Sergeant
First Class Kevin:

"Life is short, things can change very quickly."

Sergeant First Class Kevin:

"Life is short, things can change very quickly."

Growing up in the Oklahoma panhandle with deep roots in the energy industry, Kevin saw a future that presented him with very specific options.

Kevin: “It was pretty much be a mechanic, work in the oil field or go to college.”

Kevin saw those three options and chose a fourth: In June 1997, the summer before his senior year of high school, he enlisted in the Army. Two uncles, a cousin and both grandfathers had served before him, so he was continuing something of a family tradition.

Three combat tours in Iraq followed. His first deployment was March 2003 through March 2004 (“I was a tank gunner”), his second was December 2005 through December 2006 as a tank commander and section sergeant (“I was there for the surge”) and his third was from July 2011 until May 2012 as a platoon sergeant (“we were convoy security”).

Sergeant First Class Kevin in a military tank

As his third deployment was winding down, Kevin was sent stateside, to Fort Sam Houston in San Antonio, Texas, where he was assigned to the Warrior Transition Battalion (WTB) and treated for PTSD. He got accepted to serve with the WTB and started helping soldiers like himself make the transition from battlefield to stateside.

Life was good. While he was unable to return to the tanks where he spent three deployments, he was doing rewarding work helping others. After a while, he met and fell in love with his now wife and they married in March 2015.

About a week and a half after the wedding, Kevin’s back started hurting while he was running errands. “I got to the point where I felt like I was having a kidney stone,” he recalls. “I’ve had those before, and the pain was very similar.”

Kevin texted his wife and brought himself to the emergency room. “The last thing I remember is giving a urine sample; it was black, it looked like coffee.” The next thing he remembers is waking up to a nurse giving him a sponge bath — he had been in a coma for three weeks after going into septic shock as the result of contracting necrotizing fasciitis, a flesh-eating bacteria.

“I was in the ICU for about two months, I lost about 45 pounds,” he continues. “My heart had actually stopped three different times, my lung function dropped to 10% and my kidneys shut down. They didn’t think I’d walk again for at least six months.” After 83 days, Kevin walked out of the hospital on his own.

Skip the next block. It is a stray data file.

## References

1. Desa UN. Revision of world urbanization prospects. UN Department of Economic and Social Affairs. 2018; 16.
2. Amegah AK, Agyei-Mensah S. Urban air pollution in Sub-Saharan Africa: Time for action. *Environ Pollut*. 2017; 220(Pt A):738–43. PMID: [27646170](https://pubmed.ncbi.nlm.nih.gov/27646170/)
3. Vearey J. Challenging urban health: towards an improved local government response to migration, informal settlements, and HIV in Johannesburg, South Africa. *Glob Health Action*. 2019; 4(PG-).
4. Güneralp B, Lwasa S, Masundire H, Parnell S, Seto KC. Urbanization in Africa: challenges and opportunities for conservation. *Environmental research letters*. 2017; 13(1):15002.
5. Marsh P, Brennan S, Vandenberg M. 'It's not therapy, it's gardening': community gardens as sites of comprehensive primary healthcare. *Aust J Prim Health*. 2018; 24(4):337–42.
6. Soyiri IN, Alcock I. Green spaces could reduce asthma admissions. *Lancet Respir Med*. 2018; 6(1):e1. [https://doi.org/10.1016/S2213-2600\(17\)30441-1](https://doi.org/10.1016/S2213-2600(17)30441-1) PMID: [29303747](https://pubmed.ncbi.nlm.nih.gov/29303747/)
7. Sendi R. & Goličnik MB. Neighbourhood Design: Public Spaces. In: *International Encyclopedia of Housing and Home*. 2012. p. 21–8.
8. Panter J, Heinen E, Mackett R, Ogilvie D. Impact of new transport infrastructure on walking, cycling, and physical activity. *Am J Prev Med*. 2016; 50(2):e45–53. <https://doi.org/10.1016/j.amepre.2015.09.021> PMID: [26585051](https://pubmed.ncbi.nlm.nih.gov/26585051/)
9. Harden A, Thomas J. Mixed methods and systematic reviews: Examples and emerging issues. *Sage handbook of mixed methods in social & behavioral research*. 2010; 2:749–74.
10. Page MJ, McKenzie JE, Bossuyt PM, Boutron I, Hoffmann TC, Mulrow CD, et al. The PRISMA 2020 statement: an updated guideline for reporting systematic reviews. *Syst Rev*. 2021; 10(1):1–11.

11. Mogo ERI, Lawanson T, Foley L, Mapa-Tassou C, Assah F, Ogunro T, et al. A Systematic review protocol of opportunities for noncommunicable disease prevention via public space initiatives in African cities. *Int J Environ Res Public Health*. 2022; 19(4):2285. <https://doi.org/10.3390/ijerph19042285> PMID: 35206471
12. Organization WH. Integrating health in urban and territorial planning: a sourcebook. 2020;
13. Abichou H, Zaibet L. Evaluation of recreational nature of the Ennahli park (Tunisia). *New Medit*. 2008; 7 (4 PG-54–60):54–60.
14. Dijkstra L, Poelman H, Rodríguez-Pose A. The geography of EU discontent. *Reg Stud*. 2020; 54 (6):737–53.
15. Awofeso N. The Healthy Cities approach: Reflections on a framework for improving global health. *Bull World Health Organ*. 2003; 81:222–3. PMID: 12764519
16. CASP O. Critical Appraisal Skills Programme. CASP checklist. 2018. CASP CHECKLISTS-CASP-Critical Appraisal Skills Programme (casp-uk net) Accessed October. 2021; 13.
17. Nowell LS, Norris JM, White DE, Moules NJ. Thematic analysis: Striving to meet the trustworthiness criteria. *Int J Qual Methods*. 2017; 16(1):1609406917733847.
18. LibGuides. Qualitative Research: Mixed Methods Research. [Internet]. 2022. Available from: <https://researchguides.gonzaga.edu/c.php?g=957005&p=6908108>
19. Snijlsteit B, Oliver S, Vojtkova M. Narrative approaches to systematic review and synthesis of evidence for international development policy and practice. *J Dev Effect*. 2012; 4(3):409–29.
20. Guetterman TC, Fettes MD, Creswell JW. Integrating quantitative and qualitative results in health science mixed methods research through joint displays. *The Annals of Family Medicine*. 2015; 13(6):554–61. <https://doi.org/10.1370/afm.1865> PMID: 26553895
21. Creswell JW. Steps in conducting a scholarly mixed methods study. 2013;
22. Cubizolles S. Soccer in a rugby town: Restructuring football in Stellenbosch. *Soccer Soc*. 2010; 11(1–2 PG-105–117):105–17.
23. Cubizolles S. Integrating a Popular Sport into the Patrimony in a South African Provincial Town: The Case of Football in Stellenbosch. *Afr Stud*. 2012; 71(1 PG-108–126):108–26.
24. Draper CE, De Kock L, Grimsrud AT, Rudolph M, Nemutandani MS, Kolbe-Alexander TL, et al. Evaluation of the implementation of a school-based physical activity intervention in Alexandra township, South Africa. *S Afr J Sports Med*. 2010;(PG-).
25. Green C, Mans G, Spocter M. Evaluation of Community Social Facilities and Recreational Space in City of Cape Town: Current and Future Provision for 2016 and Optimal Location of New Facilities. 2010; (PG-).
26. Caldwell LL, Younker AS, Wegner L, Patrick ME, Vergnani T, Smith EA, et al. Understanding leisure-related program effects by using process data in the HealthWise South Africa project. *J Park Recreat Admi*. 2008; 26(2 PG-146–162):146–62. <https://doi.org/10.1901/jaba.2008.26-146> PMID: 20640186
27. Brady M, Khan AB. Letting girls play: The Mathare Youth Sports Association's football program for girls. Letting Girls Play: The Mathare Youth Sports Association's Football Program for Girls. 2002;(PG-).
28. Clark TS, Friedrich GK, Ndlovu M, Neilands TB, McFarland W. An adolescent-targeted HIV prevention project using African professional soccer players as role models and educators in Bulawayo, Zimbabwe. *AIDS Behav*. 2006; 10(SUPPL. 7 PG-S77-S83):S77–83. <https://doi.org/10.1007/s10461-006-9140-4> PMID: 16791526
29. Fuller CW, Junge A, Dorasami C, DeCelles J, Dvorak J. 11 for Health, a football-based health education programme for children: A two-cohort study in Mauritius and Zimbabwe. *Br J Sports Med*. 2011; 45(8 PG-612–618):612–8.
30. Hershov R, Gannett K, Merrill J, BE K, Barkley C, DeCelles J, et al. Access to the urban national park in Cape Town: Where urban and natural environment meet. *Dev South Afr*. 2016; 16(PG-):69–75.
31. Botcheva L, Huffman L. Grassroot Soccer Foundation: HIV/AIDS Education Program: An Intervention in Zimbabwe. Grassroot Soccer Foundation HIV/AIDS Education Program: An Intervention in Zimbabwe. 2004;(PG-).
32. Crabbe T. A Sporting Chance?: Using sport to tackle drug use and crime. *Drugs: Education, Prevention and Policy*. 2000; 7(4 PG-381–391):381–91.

Throughout Kevin’s medical nightmare, Semper Fi Fund and America’s Fund were there to help him and his family.  

Kevin: “I went from having surgery every day to every other day to twice a week to once a week for a while,” he says. “My wife had to quit her job, she had to be at the hospital, take kids back and forth to school, she was doing a lot of running around. Just in gas cards alone, they helped out a lot. They’ve done so much for us, I really can’t repay them for it.”

 One of the ways America’s Fund has helped is by providing Kevin with a therapeutic mattress that makes it easier for him to sleep. “I have no muscle in my left core, they had to cut everything out,” he explained. “Basically, I have half a back. From the top of my buttocks to my shoulder blade, from the spine to the belly button, it’s all been removed. I’m literally laying on my rib cage, so I sleep differently than I did before. Plus, some mattresses trap heat, and when you have injuries like this, it’s hard to regulate body temperature.”

Kevin continues to undergo surgeries, but remains optimistic and clear about his priorities. “After so many deployments and coming home every time, it has definitely taught me I’m not bullet proof,” he says of the whole experience. “It’s very humbling. It’s shown me things that are important in life. As a soldier, you take things for granted because you’re a soldier first—but that’s not how it is now. I’m a dad and a husband first. It’s very humbling. Life is short, things can change very quickly.”